The word appearance often carries a negative connotation in society. Disney movies and bedtime stories tell us most definitely not to be concerned about outward appearances when the quality of our character is all that matters. While this is sound advice for daily living, in my opinion it isn’t good advice for a performer in front of an audience. Appearance is a legitimate part of performance, including the presence sheet music (or lack thereof). Audiences always have and always will be more impressed with a performer who conjures the performance from within rather than acting as a “channel” that merely connects the audience to a printed page. While the performer still technically acts as a channel no matter how the performance is carried out, the audience is made far less aware of this channeling when it is done from memory.
More importantly, perhaps the word appearance doesn’t quite say enough. When you witness a “performance” of someone toppling dominos, are you not more impressed by a thousand dominos than by a hundred? There is something to be said for the apparent amount of time a performer had to spend preparing for the performance. An audience does not need to be taught that a performance from memory requires more preparation than a performance using the music – they know this intuitively. So, while witnessing a performance with music in front of the pianist can certainly be a musically transforming experience, witnessing the same transforming performance without the use of sheet music brings it yet one step closer to the same feeling one gets when witnessing a triumphant climb of Mt. Everest. There is more at play here than appearances. An audience feels more respected when the performer in front of them has gone to great lengths to prepare for their arrival, the same way a dinner guest feels respected when the host serves a good home-cooked meal with silverware and wine glasses instead of plastic forks and styrofoam cups.
Of course, it is true that certain audience members may have no interest in the “give me something impressive” aspect of performance. If the audience’s goal is only – and I mean only – to enjoy well-played music, then theoretically, they wouldn’t care whether sheet music is used or not. But let’s be honest with ourselves: this does not describe reality. Performers communicate with audiences better when they perform from memory, and perhaps with exception to concert artists playing music of Boulez with the score, memorized performances are going to be more polished.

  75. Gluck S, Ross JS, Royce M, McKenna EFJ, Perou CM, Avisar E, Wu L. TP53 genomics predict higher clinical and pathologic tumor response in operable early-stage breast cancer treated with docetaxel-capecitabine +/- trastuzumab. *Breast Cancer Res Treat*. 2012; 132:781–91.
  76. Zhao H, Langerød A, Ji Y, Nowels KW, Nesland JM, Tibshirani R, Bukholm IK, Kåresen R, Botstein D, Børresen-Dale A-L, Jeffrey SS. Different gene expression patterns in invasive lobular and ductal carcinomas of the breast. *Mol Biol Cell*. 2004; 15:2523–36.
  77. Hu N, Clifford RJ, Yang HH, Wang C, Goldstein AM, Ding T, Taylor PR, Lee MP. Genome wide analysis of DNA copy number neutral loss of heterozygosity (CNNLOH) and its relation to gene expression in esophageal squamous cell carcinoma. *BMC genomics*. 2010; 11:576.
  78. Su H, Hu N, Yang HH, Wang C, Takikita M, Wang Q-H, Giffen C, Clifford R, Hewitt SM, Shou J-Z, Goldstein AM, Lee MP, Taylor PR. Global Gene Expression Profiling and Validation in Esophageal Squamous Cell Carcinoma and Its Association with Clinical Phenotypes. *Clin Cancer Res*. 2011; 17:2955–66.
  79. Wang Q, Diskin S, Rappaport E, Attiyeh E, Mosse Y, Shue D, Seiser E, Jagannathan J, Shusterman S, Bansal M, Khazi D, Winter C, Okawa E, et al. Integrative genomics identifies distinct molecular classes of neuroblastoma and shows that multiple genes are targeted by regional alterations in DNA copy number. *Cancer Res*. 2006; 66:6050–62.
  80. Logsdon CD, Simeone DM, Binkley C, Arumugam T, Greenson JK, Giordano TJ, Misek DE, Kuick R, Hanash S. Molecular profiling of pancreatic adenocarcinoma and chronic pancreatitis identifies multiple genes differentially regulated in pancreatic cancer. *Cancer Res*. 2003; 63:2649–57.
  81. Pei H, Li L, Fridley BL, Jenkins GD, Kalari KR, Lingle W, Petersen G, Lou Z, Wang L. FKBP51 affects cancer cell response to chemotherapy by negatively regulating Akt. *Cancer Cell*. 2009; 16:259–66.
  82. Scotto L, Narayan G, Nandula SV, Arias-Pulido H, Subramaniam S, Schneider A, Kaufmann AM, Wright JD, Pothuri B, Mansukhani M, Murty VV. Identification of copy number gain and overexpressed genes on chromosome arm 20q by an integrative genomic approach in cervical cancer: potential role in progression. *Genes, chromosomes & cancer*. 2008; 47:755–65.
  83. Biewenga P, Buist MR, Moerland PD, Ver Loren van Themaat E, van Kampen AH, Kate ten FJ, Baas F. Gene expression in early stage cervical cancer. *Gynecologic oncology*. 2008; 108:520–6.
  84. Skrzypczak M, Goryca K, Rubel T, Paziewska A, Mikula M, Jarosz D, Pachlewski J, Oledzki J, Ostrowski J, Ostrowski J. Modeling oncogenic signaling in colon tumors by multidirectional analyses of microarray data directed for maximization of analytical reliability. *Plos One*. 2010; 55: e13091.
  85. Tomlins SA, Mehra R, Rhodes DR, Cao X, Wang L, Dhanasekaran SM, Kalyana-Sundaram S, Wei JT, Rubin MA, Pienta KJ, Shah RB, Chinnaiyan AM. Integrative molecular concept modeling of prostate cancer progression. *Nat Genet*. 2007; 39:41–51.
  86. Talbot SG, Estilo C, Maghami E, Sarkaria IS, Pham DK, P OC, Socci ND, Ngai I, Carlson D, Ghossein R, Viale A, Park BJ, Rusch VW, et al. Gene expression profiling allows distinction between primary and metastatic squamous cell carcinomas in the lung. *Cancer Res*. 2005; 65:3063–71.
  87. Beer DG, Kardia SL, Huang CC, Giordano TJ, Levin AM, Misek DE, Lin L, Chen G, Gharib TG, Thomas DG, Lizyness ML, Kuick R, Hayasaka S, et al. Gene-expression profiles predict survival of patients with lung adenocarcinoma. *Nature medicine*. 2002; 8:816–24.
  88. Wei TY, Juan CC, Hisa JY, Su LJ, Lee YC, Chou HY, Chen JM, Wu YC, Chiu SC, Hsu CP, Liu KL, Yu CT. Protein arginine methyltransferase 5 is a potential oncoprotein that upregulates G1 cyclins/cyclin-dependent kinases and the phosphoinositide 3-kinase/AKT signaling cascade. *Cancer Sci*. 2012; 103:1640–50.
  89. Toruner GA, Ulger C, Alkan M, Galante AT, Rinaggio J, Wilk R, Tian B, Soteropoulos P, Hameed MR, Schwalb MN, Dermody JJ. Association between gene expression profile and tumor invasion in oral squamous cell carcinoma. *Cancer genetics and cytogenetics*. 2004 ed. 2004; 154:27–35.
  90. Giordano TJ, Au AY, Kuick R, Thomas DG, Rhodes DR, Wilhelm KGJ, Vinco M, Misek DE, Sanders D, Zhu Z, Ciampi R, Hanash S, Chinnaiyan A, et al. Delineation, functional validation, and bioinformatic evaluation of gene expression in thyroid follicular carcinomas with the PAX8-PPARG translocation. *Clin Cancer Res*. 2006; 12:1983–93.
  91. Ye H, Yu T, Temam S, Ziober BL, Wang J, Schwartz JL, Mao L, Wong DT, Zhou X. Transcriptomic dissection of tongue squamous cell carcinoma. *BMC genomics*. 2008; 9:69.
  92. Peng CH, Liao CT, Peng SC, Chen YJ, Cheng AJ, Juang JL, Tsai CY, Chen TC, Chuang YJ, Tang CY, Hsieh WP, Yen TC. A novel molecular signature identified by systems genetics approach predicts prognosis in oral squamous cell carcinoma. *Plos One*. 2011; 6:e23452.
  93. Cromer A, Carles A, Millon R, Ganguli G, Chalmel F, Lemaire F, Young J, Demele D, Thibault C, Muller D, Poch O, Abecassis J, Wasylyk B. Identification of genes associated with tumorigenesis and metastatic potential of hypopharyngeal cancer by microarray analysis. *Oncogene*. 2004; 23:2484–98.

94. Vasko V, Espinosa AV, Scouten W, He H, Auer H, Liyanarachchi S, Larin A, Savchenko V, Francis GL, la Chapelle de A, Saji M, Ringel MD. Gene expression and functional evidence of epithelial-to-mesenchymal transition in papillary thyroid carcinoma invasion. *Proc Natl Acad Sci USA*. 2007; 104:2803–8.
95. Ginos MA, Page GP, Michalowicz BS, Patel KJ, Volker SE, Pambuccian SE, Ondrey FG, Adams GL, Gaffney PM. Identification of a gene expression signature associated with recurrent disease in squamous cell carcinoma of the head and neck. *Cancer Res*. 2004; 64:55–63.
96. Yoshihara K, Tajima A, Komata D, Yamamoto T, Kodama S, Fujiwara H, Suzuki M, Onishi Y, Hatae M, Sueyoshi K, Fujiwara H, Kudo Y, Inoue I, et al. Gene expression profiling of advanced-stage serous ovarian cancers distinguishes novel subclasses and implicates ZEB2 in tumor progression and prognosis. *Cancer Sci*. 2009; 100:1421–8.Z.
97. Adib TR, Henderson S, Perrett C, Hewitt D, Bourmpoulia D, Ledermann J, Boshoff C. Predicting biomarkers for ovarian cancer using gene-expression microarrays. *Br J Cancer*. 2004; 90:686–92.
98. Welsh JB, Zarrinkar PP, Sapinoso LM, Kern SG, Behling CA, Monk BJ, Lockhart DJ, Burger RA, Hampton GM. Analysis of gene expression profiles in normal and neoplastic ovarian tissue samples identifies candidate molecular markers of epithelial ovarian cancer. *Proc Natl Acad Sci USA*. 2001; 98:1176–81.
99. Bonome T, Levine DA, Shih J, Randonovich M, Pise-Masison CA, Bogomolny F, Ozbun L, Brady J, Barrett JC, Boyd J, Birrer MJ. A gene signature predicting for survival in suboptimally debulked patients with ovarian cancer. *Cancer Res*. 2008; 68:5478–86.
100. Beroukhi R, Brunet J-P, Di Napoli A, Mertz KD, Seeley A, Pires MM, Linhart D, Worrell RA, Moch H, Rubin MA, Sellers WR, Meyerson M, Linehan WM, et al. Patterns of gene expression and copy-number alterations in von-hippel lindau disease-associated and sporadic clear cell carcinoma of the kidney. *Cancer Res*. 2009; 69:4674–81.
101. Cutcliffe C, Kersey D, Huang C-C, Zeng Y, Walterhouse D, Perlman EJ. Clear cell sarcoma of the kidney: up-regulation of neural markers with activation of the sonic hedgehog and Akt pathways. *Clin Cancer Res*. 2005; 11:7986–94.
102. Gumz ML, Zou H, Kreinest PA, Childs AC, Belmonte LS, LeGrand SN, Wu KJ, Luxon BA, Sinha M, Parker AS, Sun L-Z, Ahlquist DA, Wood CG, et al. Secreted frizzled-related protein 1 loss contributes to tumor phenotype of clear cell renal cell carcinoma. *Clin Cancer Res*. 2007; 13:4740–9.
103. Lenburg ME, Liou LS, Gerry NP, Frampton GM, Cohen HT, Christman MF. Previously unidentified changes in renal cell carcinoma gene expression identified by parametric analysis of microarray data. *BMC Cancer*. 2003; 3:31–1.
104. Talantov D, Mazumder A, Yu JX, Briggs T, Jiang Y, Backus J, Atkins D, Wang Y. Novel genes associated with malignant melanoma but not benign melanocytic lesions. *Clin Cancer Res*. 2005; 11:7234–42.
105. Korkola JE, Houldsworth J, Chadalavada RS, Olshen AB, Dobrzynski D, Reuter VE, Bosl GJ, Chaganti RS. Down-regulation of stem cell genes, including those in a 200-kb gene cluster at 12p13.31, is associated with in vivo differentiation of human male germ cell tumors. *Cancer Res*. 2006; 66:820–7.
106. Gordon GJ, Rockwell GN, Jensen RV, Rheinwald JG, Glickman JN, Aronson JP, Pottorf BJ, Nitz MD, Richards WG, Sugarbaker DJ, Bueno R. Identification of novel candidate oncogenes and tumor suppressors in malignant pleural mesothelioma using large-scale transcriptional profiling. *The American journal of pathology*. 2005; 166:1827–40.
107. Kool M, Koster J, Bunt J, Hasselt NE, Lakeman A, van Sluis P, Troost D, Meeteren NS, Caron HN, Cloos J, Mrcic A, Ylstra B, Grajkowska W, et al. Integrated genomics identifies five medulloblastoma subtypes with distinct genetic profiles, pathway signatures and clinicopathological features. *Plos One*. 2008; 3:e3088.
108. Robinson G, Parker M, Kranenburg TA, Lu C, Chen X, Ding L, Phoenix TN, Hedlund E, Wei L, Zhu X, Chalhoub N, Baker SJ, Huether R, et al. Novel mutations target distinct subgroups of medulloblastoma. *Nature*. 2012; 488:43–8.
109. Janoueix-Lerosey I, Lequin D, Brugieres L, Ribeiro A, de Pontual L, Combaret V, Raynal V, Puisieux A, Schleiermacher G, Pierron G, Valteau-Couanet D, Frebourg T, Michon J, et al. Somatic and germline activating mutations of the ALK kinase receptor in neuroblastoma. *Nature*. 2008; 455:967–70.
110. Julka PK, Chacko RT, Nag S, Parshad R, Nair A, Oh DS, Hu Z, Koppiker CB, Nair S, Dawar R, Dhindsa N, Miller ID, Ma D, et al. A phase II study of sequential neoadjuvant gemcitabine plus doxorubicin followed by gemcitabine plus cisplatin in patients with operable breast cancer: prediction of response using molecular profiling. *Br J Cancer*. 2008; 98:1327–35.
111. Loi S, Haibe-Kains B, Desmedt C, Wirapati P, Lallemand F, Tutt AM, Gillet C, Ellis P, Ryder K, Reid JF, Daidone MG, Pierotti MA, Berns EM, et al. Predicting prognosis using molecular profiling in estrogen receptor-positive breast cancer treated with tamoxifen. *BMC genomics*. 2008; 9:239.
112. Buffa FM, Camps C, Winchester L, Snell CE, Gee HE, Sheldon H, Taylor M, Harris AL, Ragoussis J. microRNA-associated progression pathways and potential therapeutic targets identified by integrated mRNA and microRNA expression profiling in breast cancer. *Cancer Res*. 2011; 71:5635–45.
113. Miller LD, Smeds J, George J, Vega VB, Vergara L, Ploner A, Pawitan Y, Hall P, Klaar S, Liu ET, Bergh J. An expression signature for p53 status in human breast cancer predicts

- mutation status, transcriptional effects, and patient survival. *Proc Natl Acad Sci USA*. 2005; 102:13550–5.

In a 1999 study, Aaron Williamon found:
“…enhanced visual information in this study (i.e. an unobstructed view of the performer) was extremely influential in allowing the audience to grasp the performer’s expressive intentions.” (p. 93)
According to Williamon, this advantage was only noticed by musicians, but as Williamon notes in his study, J.W. Davidson found in 1993 and 1994 that the advantage was more strongly noticed by non-musicians than by musicians. Granted, this may not apply in the same manner to pianists since piano music stands do not obstruct the audience’s view of the musician, but I couldn’t help wondering how much of this study’s results were also due to the audience’s feeling that the performer is channeling a musical score rather than communicating from within.
I once witnessed a recital in which some students were performing pieces they had just begun only a couple weeks before. Many of them slowed down for sections they didn’t know very well, and some pieces even had cuts in them. It felt almost like a public sight-reading session. I couldn’t help thinking about the fact that the cumulative amount of time and energy spent on the part of the audience members to attend the performance might have very well matched the cumulative amount of time and energy spent on the part of the performers to prepare for it. There is definitely something to be said for the respect performers show to their audience when they perform from memory.
A more sweeping conclusion in the Williamon study would seem to apply to musicians of all instruments: